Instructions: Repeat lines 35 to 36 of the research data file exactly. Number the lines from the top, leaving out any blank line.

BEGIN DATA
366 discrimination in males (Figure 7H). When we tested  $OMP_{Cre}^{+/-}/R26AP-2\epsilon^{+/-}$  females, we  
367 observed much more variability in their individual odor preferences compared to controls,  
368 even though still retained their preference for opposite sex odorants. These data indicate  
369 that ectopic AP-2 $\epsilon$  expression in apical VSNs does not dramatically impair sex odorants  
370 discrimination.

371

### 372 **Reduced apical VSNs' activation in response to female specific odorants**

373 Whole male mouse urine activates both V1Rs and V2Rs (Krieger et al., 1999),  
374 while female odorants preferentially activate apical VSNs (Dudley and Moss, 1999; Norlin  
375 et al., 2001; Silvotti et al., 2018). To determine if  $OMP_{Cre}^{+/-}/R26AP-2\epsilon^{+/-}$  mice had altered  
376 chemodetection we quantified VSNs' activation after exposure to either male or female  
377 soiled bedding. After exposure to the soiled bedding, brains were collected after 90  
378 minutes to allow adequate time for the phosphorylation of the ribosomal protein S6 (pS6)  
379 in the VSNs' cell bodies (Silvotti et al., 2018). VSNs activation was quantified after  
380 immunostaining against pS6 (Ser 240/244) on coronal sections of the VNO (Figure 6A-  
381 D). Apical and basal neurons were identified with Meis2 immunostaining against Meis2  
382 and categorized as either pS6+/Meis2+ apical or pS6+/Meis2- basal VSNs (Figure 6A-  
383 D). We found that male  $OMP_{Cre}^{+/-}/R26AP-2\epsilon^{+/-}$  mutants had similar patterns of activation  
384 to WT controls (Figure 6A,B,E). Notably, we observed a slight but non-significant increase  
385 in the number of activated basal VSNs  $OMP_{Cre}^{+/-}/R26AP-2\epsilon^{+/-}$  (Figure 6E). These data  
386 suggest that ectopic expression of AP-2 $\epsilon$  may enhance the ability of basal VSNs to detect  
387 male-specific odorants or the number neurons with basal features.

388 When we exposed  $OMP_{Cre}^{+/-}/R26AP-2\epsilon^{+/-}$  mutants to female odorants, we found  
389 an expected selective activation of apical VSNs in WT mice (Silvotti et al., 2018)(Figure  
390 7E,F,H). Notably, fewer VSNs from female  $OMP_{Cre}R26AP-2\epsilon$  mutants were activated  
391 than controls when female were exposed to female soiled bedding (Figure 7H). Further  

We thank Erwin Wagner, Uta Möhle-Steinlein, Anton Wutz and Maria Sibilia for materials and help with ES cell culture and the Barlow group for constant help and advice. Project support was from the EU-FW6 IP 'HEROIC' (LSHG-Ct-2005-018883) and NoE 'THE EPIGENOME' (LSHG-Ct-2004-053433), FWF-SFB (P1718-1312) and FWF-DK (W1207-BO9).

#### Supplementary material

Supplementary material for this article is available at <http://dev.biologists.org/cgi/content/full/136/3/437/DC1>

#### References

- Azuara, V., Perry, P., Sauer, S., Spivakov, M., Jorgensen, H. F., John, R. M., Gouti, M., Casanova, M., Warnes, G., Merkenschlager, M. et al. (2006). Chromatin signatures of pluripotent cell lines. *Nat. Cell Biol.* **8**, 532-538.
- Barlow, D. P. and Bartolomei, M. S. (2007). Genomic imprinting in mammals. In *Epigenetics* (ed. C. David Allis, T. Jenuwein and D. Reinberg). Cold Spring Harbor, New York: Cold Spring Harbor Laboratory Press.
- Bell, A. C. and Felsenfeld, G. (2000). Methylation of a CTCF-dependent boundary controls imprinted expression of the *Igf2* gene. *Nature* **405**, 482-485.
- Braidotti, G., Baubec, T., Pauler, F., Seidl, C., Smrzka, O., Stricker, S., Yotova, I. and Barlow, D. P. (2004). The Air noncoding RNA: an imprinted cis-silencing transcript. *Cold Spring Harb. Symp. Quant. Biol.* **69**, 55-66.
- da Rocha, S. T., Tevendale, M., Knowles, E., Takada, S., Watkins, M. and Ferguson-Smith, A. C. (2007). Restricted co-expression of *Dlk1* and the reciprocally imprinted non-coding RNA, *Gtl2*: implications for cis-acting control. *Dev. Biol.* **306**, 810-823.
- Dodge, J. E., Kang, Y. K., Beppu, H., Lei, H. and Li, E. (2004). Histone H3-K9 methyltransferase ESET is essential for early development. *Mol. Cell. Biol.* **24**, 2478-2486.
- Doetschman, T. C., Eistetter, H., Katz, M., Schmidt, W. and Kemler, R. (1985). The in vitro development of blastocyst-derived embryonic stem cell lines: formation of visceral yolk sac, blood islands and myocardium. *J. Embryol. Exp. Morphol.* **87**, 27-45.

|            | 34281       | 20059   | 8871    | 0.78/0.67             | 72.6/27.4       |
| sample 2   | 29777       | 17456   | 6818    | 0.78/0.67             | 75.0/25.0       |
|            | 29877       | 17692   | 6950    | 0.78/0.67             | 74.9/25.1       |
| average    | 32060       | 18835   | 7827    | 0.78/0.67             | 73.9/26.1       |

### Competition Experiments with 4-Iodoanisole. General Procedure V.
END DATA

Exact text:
- da Rocha, S. T., Tevendale, M., Knowles, E., Takada, S., Watkins, M. and Ferguson-Smith, A. C. (2007). Restricted co-expression of *Dlk1* and the reciprocally imprinted non-coding RNA, *Gtl2*: implications for cis-acting control. *Dev. Biol.* **306**, 810-823.
- Dodge, J. E., Kang, Y. K., Beppu, H., Lei, H. and Li, E. (2004). Histone H3-K9 methyltransferase ESET is essential for early development. *Mol. Cell. Biol.* **24**, 2478-2486.